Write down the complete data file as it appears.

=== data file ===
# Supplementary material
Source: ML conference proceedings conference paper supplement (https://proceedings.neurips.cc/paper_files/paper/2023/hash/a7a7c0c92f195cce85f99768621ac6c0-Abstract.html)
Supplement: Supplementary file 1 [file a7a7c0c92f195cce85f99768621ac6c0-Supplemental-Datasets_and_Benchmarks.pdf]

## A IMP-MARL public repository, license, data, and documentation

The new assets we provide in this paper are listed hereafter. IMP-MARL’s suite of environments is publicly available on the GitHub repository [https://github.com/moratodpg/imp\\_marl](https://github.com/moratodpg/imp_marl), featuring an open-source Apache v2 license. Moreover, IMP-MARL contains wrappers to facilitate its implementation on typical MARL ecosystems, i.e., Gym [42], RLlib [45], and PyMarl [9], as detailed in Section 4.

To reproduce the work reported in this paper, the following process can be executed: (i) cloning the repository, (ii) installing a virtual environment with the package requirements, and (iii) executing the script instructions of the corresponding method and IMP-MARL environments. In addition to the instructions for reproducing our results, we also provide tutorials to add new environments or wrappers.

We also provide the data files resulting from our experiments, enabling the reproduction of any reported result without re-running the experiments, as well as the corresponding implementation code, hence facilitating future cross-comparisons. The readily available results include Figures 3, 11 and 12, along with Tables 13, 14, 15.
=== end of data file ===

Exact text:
# Supplementary material
Source: ML conference proceedings conference paper supplement (https://proceedings.neurips.cc/paper_files/paper/2023/hash/a7a7c0c92f195cce85f99768621ac6c0-Abstract.html)
Supplement: Supplementary file 1 [file a7a7c0c92f195cce85f99768621ac6c0-Supplemental-Datasets_and_Benchmarks.pdf]

## A IMP-MARL public repository, license, data, and documentation

The new assets we provide in this paper are listed hereafter. IMP-MARL’s suite of environments is publicly available on the GitHub repository [https://github.com/moratodpg/imp\\_marl](https://github.com/moratodpg/imp_marl), featuring an open-source Apache v2 license. Moreover, IMP-MARL contains wrappers to facilitate its implementation on typical MARL ecosystems, i.e., Gym [42], RLlib [45], and PyMarl [9], as detailed in Section 4.

To reproduce the work reported in this paper, the following process can be executed: (i) cloning the repository, (ii) installing a virtual environment with the package requirements, and (iii) executing the script instructions of the corresponding method and IMP-MARL environments. In addition to the instructions for reproducing our results, we also provide tutorials to add new environments or wrappers.

We also provide the data files resulting from our experiments, enabling the reproduction of any reported result without re-running the experiments, as well as the corresponding implementation code, hence facilitating future cross-comparisons. The readily available results include Figures 3, 11 and 12, along with Tables 13, 14, 15.